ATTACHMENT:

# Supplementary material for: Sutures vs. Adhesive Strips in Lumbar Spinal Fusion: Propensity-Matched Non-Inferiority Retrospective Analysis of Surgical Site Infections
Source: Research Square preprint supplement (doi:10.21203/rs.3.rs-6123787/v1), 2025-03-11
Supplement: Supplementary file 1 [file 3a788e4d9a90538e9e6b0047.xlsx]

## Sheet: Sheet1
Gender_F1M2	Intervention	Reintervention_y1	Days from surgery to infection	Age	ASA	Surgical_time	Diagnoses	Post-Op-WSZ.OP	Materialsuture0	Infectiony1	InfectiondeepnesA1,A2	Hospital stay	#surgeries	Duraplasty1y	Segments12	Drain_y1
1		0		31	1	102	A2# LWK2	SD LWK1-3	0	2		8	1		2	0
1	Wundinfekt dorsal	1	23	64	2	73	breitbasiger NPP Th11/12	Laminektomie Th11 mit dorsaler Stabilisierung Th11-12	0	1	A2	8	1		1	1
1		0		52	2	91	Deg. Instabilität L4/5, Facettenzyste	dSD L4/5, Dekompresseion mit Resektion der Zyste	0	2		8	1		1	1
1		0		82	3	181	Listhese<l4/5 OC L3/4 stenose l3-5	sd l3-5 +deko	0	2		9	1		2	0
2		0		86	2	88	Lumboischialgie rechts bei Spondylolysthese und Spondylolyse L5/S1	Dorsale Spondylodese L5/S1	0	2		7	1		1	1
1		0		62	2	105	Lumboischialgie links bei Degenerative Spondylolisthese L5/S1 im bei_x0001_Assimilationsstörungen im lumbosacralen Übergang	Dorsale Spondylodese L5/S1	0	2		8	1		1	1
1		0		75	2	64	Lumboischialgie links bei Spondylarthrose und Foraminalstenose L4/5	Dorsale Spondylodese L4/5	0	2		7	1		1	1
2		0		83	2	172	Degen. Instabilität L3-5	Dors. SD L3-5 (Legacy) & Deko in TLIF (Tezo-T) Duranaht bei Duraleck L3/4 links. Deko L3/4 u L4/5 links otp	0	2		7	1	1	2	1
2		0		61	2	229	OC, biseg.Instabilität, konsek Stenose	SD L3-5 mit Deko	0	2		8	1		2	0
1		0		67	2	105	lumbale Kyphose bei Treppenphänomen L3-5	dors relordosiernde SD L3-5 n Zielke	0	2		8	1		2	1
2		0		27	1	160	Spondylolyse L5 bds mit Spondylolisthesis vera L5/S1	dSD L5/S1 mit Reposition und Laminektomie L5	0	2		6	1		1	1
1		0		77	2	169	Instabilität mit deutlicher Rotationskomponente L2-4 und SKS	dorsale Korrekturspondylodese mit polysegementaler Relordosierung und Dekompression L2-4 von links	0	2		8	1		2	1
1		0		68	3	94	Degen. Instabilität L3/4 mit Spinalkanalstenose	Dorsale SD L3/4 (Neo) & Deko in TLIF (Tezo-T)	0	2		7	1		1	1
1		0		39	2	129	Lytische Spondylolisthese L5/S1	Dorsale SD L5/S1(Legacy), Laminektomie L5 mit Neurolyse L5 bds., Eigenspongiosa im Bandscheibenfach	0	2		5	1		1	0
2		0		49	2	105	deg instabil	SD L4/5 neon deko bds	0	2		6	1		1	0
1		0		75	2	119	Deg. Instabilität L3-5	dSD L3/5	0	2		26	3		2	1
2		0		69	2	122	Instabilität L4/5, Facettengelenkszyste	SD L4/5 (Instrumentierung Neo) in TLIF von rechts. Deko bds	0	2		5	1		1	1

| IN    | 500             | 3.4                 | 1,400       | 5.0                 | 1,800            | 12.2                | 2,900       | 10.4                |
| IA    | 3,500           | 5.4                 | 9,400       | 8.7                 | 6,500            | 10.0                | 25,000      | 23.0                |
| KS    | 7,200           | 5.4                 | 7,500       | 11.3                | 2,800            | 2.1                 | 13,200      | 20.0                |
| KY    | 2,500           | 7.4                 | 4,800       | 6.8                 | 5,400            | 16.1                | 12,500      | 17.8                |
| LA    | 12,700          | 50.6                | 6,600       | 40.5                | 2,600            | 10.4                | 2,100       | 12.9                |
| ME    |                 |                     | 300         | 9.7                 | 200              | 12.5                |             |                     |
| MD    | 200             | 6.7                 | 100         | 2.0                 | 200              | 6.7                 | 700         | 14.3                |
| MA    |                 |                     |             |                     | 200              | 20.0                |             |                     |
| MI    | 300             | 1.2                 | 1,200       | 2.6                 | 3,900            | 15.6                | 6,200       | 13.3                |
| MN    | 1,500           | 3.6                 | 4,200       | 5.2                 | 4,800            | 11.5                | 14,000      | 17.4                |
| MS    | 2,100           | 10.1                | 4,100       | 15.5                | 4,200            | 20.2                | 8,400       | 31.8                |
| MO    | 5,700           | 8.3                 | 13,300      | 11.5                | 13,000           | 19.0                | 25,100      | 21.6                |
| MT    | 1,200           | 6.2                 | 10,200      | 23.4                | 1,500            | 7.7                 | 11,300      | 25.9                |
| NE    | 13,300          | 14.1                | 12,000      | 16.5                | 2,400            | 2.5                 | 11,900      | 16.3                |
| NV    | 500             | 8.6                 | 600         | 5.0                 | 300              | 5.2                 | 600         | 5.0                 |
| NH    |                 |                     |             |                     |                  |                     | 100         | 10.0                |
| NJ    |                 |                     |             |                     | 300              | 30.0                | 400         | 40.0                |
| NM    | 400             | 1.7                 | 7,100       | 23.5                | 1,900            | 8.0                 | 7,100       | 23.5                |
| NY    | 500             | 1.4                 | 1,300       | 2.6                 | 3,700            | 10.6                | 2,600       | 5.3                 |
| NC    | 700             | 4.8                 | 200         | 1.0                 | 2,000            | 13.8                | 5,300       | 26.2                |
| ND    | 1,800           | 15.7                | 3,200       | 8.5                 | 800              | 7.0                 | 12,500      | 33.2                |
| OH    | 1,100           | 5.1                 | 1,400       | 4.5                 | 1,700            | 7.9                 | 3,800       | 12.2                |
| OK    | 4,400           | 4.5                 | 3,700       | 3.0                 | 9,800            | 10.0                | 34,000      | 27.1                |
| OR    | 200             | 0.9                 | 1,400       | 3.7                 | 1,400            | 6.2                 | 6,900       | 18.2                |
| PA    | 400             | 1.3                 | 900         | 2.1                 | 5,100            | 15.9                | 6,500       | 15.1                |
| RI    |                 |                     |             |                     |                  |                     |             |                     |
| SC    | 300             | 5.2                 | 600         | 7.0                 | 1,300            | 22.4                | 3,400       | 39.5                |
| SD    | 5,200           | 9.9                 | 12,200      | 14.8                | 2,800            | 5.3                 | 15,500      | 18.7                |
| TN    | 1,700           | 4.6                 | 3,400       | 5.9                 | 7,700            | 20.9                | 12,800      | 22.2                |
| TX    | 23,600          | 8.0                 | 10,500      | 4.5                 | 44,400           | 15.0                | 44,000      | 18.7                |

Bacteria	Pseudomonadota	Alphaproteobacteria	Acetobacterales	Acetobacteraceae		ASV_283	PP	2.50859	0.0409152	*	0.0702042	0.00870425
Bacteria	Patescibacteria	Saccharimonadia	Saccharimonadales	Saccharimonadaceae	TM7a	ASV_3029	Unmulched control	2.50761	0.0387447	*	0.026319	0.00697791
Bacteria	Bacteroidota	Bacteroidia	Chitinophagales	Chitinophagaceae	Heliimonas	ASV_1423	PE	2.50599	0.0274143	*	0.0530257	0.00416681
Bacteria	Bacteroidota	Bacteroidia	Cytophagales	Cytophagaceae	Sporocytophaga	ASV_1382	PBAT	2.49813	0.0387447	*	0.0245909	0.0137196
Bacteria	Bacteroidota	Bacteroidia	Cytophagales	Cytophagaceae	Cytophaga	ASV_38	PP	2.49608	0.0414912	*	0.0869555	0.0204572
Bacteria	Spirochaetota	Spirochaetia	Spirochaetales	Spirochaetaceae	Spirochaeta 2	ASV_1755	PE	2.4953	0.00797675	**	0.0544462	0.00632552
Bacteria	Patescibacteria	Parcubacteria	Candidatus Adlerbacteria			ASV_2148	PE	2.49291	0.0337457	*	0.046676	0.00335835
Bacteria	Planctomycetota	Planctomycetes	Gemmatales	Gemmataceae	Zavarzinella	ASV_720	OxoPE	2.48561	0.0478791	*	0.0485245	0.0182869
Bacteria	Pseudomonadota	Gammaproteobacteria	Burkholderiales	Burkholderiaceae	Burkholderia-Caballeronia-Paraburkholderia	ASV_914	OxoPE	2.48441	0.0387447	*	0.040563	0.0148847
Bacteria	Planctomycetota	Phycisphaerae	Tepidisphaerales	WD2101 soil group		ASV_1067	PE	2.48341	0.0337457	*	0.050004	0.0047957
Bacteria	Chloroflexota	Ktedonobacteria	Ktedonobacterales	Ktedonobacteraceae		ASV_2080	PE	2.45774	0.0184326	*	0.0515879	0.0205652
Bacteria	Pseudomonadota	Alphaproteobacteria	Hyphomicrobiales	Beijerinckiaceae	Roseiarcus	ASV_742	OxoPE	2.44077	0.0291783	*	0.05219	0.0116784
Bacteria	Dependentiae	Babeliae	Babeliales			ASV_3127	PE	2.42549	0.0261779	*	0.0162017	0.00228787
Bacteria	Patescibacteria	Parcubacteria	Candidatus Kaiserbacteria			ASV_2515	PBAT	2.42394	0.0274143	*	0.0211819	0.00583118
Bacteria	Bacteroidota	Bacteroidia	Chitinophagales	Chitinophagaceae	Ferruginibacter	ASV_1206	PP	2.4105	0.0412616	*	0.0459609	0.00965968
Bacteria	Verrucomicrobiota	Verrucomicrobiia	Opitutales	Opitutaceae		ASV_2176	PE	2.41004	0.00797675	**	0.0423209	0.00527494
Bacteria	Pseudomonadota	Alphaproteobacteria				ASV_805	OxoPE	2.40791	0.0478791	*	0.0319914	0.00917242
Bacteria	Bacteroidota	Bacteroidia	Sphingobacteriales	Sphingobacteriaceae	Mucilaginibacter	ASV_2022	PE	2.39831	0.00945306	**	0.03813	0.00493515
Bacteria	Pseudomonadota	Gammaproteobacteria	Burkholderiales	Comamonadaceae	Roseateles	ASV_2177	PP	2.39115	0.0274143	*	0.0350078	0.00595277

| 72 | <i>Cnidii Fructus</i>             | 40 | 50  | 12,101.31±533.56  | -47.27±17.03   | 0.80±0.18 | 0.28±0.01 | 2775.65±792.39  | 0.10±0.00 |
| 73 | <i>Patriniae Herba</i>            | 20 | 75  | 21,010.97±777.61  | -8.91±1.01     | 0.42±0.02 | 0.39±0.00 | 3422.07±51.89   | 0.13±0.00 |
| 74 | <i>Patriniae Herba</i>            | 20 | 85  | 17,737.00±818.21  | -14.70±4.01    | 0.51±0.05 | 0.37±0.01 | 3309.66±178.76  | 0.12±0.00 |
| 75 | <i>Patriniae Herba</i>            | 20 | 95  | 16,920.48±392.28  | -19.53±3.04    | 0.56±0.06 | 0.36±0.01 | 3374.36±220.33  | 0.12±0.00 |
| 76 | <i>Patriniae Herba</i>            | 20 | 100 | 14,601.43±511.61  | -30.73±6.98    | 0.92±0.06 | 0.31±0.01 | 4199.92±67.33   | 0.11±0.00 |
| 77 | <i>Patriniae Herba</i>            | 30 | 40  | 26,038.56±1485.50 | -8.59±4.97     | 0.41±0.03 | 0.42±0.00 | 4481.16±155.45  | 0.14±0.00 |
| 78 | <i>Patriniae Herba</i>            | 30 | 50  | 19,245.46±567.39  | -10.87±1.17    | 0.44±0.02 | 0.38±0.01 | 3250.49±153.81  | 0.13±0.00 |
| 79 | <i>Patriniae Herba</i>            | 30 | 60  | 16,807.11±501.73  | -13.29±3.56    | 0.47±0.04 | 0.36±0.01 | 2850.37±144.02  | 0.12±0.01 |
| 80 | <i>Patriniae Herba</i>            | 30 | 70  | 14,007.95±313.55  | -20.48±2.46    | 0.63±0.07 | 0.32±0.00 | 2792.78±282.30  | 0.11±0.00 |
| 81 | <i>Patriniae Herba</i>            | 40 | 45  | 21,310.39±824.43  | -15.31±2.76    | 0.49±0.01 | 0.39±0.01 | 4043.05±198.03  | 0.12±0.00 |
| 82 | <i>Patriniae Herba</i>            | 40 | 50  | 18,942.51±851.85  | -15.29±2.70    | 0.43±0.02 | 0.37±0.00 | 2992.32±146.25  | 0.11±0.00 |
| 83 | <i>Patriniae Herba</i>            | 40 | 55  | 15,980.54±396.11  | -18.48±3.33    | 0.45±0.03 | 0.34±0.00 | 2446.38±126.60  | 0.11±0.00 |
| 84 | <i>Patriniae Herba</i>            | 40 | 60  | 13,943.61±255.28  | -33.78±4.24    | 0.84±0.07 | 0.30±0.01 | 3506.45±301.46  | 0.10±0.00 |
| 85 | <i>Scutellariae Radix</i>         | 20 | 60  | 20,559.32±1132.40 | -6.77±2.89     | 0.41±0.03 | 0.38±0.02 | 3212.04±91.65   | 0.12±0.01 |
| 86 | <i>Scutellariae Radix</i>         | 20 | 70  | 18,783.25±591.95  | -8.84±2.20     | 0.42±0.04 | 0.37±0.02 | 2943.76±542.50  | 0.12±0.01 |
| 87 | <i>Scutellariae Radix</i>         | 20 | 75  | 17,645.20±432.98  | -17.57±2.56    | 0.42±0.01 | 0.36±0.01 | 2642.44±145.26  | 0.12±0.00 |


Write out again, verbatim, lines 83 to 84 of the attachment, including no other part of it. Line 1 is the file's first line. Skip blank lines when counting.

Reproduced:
| 83 | <i>Patriniae Herba</i>            | 40 | 55  | 15,980.54±396.11  | -18.48±3.33    | 0.45±0.03 | 0.34±0.00 | 2446.38±126.60  | 0.11±0.00 |
| 84 | <i>Patriniae Herba</i>            | 40 | 60  | 13,943.61±255.28  | -33.78±4.24    | 0.84±0.07 | 0.30±0.01 | 3506.45±301.46  | 0.10±0.00 |